I'm also very good at remembering songs. It's like I have a karaoke machine in my head. This comes with little effort at all — once I learn a song (sometimes just by hearing it) then, usually, I know it forever.
At least the chords. At least enough to be able to play it by the campfire. (Or at a piano, because that's a thing I do too. Though I play piano like a rhythm guitarist. :)
Maybe these are some small musical talents that I actually do have?
But: hearing pitches and intervals and understanding melody is much harder for me, and that's just come with a ton of practice. Mostly by listening, trying to recreate what I hear, and trying to figure out why it works.
* * *
I think I'm making a point about impostor syndrome. I told myself I couldn't learn to play guitar at a deeper level — at the level of real musicians — and here I am at age 50 wondering why I told myself that, because here I am doing it.
Why did I wait so long?
And, sure, maybe I do have some small amount of musical talent, but whatever. If I hadn't, I probably wouldn't have been interested at all.
So maybe it's a good bet that if you're interesting in a thing, you may already have some talent for it. And maybe, just maybe, interest and talent are really synonyms, or close to it.
* * *
PS I started playing with a thumbpick to get that bass shuffle sounding good.
I've heard more than once that at WWDC we'll learn about how we can run iOS apps on Macs.
I'm worried, of course, that this will lead to the further degradation of the Mac UI, and even less incentive for developers to write Mac apps.
I'm agin' it. But, also, I don't know if it's true and I don't know any details — so maybe it would be awesome? We'll see.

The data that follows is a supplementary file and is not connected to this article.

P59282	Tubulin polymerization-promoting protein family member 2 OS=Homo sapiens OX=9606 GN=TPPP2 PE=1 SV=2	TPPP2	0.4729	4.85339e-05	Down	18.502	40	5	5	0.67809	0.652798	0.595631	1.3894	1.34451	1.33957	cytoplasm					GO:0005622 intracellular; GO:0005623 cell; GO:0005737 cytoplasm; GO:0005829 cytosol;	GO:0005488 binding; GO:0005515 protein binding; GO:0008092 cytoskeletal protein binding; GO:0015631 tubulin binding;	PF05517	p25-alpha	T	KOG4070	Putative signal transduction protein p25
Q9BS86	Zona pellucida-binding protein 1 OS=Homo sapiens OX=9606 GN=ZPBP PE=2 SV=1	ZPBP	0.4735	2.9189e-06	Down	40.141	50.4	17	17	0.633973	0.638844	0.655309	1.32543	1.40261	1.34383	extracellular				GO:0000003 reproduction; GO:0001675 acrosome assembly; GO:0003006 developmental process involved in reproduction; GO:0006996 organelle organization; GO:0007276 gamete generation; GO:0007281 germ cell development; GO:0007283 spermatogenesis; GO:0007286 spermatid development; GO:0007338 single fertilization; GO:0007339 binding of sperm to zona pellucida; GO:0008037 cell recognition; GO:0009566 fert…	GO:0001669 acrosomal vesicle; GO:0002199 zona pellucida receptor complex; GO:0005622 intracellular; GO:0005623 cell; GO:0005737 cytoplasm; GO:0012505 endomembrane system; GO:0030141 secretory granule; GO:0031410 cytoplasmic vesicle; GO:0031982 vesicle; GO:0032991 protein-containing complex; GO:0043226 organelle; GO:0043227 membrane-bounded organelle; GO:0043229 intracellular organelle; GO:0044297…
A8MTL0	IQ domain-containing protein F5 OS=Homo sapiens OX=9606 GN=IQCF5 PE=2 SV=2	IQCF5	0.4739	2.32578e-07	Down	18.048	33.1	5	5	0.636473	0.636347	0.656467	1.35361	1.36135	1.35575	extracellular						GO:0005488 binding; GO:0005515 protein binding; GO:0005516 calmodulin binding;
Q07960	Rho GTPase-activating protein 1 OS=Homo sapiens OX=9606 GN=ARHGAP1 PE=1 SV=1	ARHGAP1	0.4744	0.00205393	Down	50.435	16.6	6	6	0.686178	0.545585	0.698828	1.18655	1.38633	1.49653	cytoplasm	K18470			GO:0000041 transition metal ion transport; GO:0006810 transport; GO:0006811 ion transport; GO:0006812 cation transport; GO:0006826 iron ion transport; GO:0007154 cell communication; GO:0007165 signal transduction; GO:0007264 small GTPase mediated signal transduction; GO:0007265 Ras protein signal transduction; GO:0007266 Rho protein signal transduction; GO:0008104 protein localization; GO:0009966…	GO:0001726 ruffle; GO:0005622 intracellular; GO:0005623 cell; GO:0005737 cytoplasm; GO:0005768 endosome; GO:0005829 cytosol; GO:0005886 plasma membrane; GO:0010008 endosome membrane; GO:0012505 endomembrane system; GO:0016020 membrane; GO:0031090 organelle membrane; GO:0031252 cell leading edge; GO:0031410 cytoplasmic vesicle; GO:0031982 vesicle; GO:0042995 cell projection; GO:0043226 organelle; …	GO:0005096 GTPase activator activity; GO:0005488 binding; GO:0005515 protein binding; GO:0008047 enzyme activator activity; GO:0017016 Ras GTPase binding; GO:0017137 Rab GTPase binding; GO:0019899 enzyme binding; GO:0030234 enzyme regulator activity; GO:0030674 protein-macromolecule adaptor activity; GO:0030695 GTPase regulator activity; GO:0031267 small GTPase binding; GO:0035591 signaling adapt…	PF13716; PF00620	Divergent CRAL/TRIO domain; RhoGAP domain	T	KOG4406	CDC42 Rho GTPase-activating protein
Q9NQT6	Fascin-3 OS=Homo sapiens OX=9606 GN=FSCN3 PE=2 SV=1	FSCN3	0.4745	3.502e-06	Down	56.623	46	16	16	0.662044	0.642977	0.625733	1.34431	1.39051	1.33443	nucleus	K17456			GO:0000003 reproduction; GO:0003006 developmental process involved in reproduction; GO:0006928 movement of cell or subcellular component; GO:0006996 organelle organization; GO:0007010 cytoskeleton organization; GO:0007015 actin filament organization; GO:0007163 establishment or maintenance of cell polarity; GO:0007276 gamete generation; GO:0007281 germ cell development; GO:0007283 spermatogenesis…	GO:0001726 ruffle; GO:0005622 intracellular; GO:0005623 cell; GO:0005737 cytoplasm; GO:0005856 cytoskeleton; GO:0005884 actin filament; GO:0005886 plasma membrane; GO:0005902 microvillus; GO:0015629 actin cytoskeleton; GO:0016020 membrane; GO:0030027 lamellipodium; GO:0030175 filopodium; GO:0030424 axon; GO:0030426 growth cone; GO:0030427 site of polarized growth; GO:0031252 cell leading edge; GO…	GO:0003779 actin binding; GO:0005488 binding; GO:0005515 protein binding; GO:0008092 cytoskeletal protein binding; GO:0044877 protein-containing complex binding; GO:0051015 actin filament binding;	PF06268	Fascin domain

Or not see. Could be totally made up. Could just be speculation run wild.
PS "Agin'" is short for "against," not "aging." Okay?
Now that I've switched over to marketing, people — co-workers, even! — keep asking me what I actually do all day.
Fair question. Since I'll probably get asked the same thing in San Jose next week, I figured I'd write it up.
Our team could be a small software company on its own — we have engineers, testers, designers, and a person who makes movies. Everything I do is part of working with that team.
If you think I'm being paid to be a blogger and podcaster, you're not too far off the mark, but that description misses some things.
Note: again, though, it's a team effort. Some things go through extensive feedback and editing before being finished.
And some things — like the product pages — will evolve a bunch during design and production. As it takes shape we can see where the writing needs to change.
And some things I write — especially anything that ends up in an app — will probably get revised by other people before it ships.
I do some things besides writing. I edit customer stories for Inside OmniFocus. I work with people who write to Omni's marketing email address.
And even the writing isn't just writing — I help figure out what to write, and when, and how to talk about things.
So there you have it. I'm part of a team, and my particular role is the words. And there are a lot of words.
PS See How We Do The Omni Show for what all goes into making the podcast.
The United States of America was the easy-to-choose target for the fascists.
It was the richest and most powerful country in the history of countries. How could any fascist not want to take it over?